Wednesday, November 28, 2007

Posh Paris: Cocktails at George V

As we're entering the height of the holiday season, lavish cocktails in outrageous settings are in order. In Paris, there are many options for this. The Four Seasons' Hotel George V is one such place.

The bar at George V is opulent but comfortable with a warm cozy fireplace and plush intimate seating. There are a number of specialty cocktails on the menu -- and the table-side martini-shaking is a fierce ritual of pouring precision.

Luckily, they offer equally chic cocktails sans alcool, for the pregnant or non-partaking crowd. Pictured above, the Lucky Star -- cranberry juice, soda water, fresh mint, strawberries and raspberries and a Pinot Noir from Burgundy.


Royal Couscous

Tonight we were Moroccan princes -- or at least feasted like ones.

On the recommendation of the kind folk at George V, we venture a short distance from the Arc de Triomphe (Charles de Gaulle Etoile) into the 17th arrondissement to the restaurant Timgad. We enter into an ornate interior with stark white lattice-work walls, a fountain surrounded by a profusion of plants and flowers, and regal red carpets. The tuxedoed staff are charged with a sense of occasion and urgency.

We begin with an arrangement of spicy and pickled Moroccan mezze -- carrots scented with cumin, lemon, coriander; piquante green olives; oil-cured black olives; pickled cauliflower, carrots, peppers; and toasted hazelnuts. This was served with a round load of whole wheat bread.

The menu consists of a variety of couscous, tagines and grilled meats. We opt for Couscous Merguez and Tagine de poulet fermier aux olives et citrons confits.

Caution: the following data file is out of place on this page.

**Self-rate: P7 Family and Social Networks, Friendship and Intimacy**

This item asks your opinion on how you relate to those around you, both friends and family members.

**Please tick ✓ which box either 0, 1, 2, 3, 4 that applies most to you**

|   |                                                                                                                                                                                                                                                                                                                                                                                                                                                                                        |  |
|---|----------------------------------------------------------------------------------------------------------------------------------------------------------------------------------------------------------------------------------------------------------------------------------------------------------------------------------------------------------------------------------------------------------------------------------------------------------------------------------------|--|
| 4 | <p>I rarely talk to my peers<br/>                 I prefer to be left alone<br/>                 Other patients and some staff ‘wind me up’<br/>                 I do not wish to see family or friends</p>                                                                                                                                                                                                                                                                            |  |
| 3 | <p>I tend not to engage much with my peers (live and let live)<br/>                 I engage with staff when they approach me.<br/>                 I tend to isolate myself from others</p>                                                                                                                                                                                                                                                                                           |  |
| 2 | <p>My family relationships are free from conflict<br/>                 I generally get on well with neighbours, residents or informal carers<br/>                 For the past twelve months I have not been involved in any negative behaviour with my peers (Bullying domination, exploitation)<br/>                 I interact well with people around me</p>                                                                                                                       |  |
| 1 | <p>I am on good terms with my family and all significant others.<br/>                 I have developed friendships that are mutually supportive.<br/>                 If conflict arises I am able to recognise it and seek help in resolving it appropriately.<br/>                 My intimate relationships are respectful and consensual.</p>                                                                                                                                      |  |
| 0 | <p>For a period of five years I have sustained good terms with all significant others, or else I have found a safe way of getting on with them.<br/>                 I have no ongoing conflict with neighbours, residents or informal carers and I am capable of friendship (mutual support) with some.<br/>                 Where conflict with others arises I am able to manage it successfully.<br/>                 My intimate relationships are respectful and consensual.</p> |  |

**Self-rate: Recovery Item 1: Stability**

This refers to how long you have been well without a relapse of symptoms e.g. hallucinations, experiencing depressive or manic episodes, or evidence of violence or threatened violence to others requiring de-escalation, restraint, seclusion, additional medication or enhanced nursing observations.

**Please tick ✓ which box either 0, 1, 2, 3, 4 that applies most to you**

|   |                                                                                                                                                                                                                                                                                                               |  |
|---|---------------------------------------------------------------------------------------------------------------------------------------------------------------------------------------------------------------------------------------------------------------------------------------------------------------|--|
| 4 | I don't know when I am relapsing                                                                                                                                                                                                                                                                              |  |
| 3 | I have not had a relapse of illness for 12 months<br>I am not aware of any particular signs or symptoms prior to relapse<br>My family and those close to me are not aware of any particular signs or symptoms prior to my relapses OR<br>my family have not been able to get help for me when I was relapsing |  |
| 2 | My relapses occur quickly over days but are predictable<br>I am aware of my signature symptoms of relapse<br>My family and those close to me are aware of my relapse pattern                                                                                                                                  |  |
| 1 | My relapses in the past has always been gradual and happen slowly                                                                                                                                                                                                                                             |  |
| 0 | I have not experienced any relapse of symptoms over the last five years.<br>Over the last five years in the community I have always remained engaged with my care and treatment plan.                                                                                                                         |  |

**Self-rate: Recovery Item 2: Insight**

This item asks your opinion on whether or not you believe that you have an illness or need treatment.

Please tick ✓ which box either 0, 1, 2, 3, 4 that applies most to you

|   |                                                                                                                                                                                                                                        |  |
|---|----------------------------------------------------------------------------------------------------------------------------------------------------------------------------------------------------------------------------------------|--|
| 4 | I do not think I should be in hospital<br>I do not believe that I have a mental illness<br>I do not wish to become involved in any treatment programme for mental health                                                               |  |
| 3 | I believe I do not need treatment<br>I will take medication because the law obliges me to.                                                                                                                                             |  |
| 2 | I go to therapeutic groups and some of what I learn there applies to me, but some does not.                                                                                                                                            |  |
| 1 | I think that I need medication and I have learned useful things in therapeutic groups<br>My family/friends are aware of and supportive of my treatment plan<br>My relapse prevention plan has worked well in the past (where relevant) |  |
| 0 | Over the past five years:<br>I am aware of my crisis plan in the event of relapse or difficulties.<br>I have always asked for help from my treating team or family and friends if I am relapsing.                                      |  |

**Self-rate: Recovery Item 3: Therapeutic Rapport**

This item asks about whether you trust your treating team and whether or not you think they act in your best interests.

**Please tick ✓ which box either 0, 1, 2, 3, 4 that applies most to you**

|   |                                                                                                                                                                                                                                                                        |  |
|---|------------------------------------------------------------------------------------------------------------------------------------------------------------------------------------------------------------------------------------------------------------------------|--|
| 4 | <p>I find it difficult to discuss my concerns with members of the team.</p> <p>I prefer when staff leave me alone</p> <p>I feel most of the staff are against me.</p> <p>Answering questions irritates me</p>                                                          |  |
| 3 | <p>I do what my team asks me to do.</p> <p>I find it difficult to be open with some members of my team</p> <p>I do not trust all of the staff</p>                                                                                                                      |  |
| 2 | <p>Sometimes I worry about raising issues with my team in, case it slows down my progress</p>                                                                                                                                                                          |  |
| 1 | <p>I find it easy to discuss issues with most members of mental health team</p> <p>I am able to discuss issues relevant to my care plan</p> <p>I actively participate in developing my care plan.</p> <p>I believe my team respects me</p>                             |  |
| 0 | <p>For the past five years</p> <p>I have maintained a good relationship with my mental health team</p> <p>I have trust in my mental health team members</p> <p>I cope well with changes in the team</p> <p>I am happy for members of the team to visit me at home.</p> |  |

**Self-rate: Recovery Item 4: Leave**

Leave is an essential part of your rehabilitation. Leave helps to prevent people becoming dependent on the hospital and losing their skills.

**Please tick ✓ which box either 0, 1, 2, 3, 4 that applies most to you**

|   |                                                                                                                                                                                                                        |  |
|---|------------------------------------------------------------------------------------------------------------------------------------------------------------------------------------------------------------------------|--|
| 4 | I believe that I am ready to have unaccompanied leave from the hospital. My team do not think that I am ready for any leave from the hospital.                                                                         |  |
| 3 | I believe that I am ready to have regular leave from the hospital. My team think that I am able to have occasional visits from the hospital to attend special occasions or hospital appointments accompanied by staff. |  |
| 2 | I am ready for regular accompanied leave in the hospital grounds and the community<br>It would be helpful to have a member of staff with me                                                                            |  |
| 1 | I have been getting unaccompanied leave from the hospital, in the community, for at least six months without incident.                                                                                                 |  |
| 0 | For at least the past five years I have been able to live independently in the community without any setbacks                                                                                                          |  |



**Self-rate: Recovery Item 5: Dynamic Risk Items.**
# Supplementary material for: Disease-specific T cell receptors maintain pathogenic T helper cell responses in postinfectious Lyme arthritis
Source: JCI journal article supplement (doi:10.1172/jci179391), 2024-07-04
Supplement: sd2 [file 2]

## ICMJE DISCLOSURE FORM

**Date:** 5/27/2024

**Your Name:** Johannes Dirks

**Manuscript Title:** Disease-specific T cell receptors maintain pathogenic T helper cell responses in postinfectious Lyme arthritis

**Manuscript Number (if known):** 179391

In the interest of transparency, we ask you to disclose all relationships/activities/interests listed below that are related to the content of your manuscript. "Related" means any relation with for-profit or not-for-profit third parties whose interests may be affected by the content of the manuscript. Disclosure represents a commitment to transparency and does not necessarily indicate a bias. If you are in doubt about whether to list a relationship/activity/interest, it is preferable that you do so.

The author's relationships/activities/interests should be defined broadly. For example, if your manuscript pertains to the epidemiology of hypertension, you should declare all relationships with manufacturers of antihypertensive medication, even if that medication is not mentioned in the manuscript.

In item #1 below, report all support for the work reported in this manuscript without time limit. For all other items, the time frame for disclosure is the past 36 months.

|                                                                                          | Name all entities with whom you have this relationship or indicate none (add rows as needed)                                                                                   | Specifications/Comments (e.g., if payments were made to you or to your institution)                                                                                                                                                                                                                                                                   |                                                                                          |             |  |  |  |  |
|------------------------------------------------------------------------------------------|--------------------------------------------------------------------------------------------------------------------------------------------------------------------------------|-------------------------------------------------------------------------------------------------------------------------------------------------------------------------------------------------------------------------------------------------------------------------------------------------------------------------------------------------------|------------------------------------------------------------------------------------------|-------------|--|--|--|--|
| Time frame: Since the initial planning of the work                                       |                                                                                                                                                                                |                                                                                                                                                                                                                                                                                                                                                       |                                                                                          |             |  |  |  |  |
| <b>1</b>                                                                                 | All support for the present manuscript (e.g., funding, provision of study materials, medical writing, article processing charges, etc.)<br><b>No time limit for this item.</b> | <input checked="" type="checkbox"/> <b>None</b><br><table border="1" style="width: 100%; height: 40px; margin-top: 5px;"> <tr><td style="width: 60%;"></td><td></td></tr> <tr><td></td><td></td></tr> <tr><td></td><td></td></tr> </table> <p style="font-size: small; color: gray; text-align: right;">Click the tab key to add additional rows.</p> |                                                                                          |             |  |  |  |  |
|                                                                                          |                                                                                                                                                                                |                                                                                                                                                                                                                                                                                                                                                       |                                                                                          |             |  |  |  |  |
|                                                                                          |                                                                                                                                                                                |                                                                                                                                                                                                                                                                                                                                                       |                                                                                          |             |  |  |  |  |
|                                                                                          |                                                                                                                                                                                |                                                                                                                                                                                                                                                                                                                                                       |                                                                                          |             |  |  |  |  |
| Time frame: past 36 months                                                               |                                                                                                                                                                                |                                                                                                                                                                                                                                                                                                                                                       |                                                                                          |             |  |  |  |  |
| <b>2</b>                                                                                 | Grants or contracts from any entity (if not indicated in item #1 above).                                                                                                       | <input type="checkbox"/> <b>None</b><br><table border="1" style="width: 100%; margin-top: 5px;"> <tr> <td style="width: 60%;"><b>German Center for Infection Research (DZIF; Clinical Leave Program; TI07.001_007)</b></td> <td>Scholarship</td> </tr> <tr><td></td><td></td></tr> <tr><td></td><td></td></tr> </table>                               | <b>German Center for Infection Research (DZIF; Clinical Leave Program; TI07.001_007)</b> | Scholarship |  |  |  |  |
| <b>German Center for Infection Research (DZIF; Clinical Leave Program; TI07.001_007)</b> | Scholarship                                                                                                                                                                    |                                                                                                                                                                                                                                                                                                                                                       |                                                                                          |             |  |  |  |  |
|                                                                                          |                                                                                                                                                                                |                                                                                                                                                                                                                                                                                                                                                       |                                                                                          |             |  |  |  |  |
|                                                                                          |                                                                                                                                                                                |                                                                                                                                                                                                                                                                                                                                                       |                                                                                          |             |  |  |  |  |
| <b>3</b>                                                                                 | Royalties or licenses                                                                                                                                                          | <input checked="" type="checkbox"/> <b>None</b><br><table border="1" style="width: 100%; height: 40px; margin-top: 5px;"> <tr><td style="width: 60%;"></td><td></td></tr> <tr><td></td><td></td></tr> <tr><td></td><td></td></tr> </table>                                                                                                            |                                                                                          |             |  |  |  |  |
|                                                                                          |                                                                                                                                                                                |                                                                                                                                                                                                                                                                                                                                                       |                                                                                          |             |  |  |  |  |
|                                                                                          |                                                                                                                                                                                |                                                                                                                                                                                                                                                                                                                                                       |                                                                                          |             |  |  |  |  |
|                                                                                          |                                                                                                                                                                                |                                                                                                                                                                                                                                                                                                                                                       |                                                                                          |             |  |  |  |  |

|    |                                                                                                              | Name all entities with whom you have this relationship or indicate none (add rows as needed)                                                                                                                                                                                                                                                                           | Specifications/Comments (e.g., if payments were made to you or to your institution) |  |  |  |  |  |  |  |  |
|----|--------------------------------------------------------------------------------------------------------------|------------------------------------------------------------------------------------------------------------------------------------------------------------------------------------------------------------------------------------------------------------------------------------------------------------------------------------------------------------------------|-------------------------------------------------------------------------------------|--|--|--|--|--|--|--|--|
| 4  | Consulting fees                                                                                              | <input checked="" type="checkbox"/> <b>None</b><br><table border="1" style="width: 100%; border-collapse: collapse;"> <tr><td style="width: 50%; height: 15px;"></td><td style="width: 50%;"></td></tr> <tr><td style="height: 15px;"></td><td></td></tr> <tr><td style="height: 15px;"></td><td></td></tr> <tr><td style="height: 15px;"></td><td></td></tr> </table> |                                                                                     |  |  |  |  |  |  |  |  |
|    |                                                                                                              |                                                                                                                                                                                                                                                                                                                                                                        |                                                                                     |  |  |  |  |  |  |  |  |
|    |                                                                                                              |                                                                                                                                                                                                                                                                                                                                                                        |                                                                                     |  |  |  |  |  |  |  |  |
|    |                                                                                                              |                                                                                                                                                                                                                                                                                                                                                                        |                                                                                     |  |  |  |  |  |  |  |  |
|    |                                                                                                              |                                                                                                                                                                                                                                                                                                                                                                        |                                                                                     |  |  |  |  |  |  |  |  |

Timgad's presentation of couscous is something of a spectacle. First the couscous is served from a large decorative platter into individual serving bowls. The server takes the backside of the oversized serving spoon to form a deep depression in the couscous mound. Then they arrive with a large terracotta pot of stewed zucchini, carrots, turnips and scoop them into the well, making sure to provide ample sauce. Next come the garnishes: chickpeas in a sauce, plump golden raisins and Harissa sauce. The couscous itself is incredibly light, fluffy and perfectly salted; the vegetables cut in large portions are plumped with flavor from the broth.

The merguez is served on the side. We realize up until this point, we have only eaten charred, overcooked merguez. Timgad's is a completely different -- cooked with dry heat in a wood-burning oven, it remains tender and juicy, bringing life the lamb sausage's delicate spices and mint. The food is simple, but a revelation.

Our tagine took on an intense yellow color from the spices -- matching the vivid level of flavor. A dreamy succulent chicken topped with onions, black olives and half of a preserved lemon.

We should note, this is an enormous amount of food for two people, so dessert was out of the question. Though we couldn't refuse a service of famous Moroccan mint tea.

Tuesday, November 27, 2007

Eat a Crepe (or Two)

In Paris, crepes are a staple. We found our first crepe destination, Des Crepes et des Cailles, on a charming small street in the La Butte Aux Cailles area (13eme). Translated as "hill of the quails," La Butte Aux Cailles is like a little village unto itself and offers an authentic experience of an older Parisian neighborhood.